Butterfly spy

Israeli Aircraft Industries introduces latest,smallest spy drone.

butterflys spy drone 521 (photo credit: IAI)
butterflys spy drone 521
(photo credit: IAI)
An electronic fly on the wall? It’s a military intelligence and documentarymaker’s dream, and it’s about to become true. Except it’s not a fly, it’s a butterfly. Meet the butterfly robot (http:// www.iai.co.il/22031-en/Homepage.aspx), the latest, smallest spy drone from Israel Aircraft Industries (IAI).
The butterfly robot is a product of IAI’s miniature robotics lab, a specialized division developing small technologies on the border of nanoscience.
The laboratory is part of IAI’s work on autonomous systems, including unmanned aircraft and robotic systems for terrestrial and marine use.
The butterfly is unique because its vertical take-off ability allows it to fly within enclosed spaces, including buildings.
It carries a camera weighing just 0.15 gram, which transmits color images in real time to an operator who sees what the butterfly is seeing via a special helmet.
The system is designed to support special forces operations in close quarters urban combat as well as general intelligence gathering.
At 20 cm long and with a weight of just 12 grams, the butterfly can track a suspect virtually unnoticed. It is propelled forwards by four wings that mimic those of a real butterfly and flap 14 times per second, without making a sound.
“This system will fly into a building and no one will notice it because it is silent and transparent. It has a camera and a microphone to transmit information to an outside source,” says Arie Egozi, an Israeli military aviation expert. He predicts it will be several years before the butterfly is operational.
The idea of constructing military hardware based on animals has been used before. The first designs of modern fighter jets were based on sharks. Israeli inventors have created a crawling, tube-like camera that mimics a snake.
Israeli defense contractors are developing systems at each end of the size spectrum, from the butterfly and the four-kilo Ghost drone, to five-ton Unmanned Aerial Vehicles that can carry missiles and stay airborne for days.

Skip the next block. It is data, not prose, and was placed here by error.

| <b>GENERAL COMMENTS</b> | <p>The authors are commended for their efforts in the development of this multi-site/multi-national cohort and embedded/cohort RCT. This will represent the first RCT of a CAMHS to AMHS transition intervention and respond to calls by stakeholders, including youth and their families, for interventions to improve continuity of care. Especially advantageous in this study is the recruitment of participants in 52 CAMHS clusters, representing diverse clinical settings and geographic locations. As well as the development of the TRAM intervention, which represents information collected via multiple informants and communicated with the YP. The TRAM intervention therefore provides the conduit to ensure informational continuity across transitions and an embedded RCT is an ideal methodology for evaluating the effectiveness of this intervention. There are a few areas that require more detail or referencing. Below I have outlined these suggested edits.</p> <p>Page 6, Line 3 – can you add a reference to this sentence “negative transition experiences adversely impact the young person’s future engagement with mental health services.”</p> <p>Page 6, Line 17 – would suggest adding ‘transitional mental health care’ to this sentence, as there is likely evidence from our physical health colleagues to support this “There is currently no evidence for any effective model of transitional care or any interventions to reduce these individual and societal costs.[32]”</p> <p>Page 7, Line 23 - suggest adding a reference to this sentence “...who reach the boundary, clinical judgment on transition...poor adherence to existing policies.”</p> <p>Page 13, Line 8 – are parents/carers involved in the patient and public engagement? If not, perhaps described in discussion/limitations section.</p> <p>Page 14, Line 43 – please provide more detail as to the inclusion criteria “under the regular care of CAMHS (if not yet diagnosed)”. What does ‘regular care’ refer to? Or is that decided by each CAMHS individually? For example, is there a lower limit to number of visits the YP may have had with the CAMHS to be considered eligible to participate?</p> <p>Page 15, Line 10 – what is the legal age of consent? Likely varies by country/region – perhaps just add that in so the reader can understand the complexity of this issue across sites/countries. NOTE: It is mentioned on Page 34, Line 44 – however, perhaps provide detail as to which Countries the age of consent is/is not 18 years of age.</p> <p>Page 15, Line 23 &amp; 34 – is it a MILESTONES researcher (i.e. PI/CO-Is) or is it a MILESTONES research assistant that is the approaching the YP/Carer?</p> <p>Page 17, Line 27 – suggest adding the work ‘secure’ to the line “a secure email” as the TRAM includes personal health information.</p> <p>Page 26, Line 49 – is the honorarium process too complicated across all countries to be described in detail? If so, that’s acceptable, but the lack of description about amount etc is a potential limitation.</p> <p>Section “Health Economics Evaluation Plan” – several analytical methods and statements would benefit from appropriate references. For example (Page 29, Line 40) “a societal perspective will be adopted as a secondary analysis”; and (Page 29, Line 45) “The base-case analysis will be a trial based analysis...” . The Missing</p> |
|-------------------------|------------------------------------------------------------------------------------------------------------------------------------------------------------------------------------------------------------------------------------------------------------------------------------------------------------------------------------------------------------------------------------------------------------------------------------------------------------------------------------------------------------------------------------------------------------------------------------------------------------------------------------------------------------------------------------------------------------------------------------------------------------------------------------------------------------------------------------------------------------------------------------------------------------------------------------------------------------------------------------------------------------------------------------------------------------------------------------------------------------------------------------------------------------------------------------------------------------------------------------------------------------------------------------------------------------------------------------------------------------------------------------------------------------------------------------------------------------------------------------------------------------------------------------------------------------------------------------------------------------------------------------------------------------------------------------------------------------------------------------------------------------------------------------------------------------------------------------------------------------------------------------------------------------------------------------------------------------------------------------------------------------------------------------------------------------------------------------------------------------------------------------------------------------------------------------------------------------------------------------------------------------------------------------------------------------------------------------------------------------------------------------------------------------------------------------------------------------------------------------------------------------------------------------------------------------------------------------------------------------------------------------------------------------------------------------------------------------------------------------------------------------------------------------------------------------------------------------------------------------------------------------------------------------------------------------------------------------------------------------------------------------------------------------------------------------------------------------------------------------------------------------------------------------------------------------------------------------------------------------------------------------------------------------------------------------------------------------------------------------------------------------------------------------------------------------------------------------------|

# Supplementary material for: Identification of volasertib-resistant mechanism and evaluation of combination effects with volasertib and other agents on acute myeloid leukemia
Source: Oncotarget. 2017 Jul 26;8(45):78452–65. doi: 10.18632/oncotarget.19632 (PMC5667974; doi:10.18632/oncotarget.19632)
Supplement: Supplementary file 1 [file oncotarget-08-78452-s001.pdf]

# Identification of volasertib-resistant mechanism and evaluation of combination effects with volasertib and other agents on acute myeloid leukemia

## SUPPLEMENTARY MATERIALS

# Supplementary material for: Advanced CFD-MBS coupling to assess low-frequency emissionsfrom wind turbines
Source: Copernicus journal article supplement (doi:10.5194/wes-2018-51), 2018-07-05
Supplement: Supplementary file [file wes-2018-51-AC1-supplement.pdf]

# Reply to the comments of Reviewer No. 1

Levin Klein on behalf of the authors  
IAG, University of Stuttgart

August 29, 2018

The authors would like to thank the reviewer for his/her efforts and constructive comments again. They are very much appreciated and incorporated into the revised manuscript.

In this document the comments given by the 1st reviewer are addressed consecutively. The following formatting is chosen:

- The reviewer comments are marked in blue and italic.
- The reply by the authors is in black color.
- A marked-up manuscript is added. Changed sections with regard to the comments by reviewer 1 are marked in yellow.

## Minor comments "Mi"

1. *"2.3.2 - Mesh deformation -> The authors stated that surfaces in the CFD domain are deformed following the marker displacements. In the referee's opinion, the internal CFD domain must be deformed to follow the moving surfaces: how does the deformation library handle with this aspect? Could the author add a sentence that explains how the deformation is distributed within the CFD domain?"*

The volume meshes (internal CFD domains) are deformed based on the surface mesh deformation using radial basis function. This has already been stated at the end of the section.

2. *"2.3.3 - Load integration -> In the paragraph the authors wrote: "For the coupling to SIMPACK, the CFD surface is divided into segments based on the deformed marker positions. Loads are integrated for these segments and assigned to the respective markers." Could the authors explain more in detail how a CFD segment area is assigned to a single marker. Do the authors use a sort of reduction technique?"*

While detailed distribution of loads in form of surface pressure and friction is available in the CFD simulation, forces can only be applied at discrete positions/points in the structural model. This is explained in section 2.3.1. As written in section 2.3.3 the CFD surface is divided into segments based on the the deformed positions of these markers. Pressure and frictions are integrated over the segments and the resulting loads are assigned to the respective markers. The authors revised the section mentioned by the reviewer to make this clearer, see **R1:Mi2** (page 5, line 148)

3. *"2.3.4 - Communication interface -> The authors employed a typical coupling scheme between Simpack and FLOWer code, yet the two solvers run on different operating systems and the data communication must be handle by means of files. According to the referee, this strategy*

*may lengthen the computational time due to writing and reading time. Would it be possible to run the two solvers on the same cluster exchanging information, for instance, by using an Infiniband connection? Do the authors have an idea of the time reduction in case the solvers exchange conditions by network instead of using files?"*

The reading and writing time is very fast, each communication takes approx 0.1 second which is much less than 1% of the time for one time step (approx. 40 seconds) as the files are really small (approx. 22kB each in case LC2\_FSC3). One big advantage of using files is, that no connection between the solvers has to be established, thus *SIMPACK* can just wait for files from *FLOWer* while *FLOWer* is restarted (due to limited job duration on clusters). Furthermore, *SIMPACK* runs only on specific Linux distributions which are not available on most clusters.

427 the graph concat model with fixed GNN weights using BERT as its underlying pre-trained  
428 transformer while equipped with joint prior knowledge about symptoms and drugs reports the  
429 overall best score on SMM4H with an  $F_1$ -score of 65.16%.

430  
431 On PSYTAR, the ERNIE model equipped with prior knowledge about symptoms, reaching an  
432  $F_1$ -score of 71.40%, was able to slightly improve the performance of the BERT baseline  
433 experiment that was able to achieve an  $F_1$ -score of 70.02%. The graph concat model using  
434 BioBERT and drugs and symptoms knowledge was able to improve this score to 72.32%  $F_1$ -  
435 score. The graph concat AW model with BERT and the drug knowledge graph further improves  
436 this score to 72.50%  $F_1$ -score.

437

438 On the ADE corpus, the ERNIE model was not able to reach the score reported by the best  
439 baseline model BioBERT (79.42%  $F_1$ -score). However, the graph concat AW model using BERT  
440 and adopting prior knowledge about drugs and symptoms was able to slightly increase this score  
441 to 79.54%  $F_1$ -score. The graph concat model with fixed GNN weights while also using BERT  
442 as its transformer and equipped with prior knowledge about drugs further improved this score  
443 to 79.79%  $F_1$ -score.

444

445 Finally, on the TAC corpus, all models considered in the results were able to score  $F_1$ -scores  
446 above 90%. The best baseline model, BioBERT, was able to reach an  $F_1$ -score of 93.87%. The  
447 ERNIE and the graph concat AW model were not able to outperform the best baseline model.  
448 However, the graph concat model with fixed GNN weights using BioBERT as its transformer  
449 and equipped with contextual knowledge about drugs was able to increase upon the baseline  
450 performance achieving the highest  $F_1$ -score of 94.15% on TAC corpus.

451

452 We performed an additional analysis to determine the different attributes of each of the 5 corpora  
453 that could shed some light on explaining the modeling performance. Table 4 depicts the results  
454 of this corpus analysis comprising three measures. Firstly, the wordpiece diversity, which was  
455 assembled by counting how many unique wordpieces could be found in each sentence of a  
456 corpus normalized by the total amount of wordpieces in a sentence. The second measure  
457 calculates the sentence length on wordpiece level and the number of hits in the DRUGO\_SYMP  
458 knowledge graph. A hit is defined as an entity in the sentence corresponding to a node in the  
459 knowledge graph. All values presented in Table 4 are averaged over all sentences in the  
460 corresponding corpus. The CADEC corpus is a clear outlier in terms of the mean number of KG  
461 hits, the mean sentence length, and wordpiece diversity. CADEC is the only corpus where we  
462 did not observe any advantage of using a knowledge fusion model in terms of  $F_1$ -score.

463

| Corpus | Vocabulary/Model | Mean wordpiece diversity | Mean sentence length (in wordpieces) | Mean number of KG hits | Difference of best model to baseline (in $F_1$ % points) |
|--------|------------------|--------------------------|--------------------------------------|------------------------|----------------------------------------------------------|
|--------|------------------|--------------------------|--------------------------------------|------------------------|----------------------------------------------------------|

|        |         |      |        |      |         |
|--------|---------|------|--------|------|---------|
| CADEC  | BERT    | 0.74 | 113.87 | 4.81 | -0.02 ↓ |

In addition to Israel, the United States, South Korea and Holland are known to be working on developing mini-drones.
However, the butterfly does have a downside. Prototypes have been attacked by birds mistaking it for prey.
Tagging made simple
One of the main reasons why people started to use Facebook’s photosharing option, despite the fact that it initially lacked basic features such as rotating a picture, was the ability to tag your friends. With a simple click and a scroll through your contacts list, you could tell all your friends and all their friends where you were and what you looked like.
In April, Facebook invested in the future of photo-sharing by purchasing Instagram for $1 billion.
But as tagging grows on mobile devices, the combination of a small screen and a friends list that includes hundreds of people means it isn’t always easy – especially if you are at a great party or sports event and don’t want to miss any of the action.
The KLIK 1.0 app from Tel Aviv-based Face.com.(http://face.com/) offers a solution to iPhone users. Using facial recognition technology, the app promises to recognize the friends you are photographing, even before you push the button.
The app must first be synchronized with a Facebook account. A privacy setting requires users to tag someone once before the automation kicks in. The app will not share tags for a Facebook user who has blocked this option.
The facial recognition software was developed by Face.com and became available to developers for free in 2010 for those passing a certain daily number of users.
Locked and loaded
Israeli lock maker Mul-T-Lock has teamed up with global communication technology developer Starcom Systems to produce WatchLock, (http://www.watchlock.com/he/ product/), which the makers say is the world’s first GPS integrated padlock.
The lock, which doesn’t need an external power source and isn’t much larger than an average industrial lock, keeps a log of every time it is opened. If someone tries to open it without a designated key, an alarm will be sent via sms or email.
Potential users include security firms looking after businesses or farmers who have valuable equipment stored in remote locations.
The integrated GPS technology can also be used to track goods being shipped, allowing the sender to keep a watch on where a container is at all times via a website. The system will alert the user about any attempt to open the lock or to divert it from its preset route, helping to ensure that goods arrive just the way they were sent.